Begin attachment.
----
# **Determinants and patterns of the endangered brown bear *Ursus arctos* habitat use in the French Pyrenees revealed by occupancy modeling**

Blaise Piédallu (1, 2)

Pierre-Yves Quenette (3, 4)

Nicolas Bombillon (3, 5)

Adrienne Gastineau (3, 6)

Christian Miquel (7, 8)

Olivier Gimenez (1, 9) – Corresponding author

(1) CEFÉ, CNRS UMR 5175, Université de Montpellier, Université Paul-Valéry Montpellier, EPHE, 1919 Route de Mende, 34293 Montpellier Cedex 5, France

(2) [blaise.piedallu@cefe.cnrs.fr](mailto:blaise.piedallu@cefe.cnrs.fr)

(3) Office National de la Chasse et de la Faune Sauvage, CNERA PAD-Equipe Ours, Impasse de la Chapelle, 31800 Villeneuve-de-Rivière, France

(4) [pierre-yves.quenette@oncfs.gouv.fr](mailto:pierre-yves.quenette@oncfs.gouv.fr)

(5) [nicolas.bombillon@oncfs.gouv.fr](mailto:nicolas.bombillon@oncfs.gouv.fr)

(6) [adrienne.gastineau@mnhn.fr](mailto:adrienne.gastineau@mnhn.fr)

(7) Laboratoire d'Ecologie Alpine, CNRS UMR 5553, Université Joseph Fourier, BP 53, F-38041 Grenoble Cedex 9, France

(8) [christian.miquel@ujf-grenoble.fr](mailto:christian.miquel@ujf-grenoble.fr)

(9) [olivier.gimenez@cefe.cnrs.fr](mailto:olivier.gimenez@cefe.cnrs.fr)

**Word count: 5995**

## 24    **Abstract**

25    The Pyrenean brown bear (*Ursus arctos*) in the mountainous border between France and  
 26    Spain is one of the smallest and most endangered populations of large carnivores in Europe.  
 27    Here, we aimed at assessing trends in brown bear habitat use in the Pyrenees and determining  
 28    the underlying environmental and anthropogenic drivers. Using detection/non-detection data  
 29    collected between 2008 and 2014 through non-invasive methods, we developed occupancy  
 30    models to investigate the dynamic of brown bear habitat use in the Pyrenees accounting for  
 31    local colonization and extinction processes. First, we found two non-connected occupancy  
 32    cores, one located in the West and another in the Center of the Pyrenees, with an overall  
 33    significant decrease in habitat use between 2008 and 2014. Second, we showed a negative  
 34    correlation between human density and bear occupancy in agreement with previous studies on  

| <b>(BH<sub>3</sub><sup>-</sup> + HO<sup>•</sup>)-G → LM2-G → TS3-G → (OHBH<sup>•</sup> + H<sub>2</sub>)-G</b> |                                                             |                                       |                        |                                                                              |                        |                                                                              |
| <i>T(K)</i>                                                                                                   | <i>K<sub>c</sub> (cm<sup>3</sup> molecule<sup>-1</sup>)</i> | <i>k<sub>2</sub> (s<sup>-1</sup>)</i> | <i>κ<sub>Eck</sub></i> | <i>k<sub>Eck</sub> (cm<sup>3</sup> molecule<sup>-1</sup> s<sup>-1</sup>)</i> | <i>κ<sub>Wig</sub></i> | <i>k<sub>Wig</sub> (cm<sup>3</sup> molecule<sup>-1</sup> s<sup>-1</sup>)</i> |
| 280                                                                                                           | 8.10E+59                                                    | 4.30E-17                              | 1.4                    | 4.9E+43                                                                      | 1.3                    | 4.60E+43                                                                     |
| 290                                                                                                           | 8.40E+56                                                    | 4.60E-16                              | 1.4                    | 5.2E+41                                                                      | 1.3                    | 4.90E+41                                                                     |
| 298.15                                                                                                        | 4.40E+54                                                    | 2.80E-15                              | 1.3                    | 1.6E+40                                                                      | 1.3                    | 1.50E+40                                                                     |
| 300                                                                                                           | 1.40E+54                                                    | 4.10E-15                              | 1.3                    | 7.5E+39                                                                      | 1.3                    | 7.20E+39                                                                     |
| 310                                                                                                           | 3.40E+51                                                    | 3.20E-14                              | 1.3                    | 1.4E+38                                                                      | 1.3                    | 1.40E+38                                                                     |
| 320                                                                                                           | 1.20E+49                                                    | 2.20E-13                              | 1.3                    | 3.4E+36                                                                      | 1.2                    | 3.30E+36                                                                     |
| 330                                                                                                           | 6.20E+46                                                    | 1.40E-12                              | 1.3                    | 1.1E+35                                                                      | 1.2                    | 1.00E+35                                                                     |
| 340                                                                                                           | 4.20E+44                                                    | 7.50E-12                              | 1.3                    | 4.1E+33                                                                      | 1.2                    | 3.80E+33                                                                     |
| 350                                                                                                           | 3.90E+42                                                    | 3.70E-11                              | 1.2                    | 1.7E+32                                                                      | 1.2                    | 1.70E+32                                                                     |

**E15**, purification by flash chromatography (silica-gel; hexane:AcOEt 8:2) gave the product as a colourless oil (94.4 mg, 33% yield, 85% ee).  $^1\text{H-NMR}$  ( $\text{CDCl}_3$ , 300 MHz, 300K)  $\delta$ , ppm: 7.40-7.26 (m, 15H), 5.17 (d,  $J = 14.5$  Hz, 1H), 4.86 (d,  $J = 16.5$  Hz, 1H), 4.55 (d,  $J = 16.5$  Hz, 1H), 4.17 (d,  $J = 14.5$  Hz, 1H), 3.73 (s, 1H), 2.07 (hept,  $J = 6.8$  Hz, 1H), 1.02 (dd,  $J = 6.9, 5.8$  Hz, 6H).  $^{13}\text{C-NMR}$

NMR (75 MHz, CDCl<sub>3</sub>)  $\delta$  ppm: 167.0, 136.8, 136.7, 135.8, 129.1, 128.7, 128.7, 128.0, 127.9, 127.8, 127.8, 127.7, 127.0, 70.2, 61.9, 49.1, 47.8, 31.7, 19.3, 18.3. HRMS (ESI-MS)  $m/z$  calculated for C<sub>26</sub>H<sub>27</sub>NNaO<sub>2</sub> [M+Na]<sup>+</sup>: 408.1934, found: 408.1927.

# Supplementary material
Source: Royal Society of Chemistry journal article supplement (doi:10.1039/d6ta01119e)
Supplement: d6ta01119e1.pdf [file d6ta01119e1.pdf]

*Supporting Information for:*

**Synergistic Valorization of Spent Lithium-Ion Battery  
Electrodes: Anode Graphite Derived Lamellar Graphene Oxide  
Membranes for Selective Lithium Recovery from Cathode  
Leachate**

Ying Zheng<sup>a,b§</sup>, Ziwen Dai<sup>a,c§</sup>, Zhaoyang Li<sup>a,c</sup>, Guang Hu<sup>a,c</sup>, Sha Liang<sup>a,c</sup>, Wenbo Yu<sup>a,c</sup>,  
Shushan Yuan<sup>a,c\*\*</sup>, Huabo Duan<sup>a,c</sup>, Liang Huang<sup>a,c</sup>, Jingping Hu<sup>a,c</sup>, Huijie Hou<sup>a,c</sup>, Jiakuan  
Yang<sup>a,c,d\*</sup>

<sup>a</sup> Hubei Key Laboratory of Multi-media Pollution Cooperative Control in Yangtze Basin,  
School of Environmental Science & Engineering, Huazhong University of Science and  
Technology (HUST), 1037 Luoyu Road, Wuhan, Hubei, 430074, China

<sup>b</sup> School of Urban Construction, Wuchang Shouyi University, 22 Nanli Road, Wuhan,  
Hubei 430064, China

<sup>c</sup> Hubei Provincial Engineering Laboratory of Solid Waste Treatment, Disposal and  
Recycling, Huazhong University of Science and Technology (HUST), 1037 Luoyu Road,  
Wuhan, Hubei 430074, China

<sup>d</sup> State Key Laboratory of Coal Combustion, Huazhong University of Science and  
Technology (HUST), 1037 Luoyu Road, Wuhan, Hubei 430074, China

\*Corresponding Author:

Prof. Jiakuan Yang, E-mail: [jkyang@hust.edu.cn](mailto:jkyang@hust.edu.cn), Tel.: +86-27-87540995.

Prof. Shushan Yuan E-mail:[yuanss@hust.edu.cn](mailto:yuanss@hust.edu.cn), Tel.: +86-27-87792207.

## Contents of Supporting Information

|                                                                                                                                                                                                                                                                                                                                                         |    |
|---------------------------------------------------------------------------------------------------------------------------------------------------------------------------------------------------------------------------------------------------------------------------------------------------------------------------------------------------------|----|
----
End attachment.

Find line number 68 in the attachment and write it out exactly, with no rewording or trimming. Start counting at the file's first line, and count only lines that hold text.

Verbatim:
|---------------------------------------------------------------------------------------------------------------------------------------------------------------------------------------------------------------------------------------------------------------------------------------------------------------------------------------------------------|----|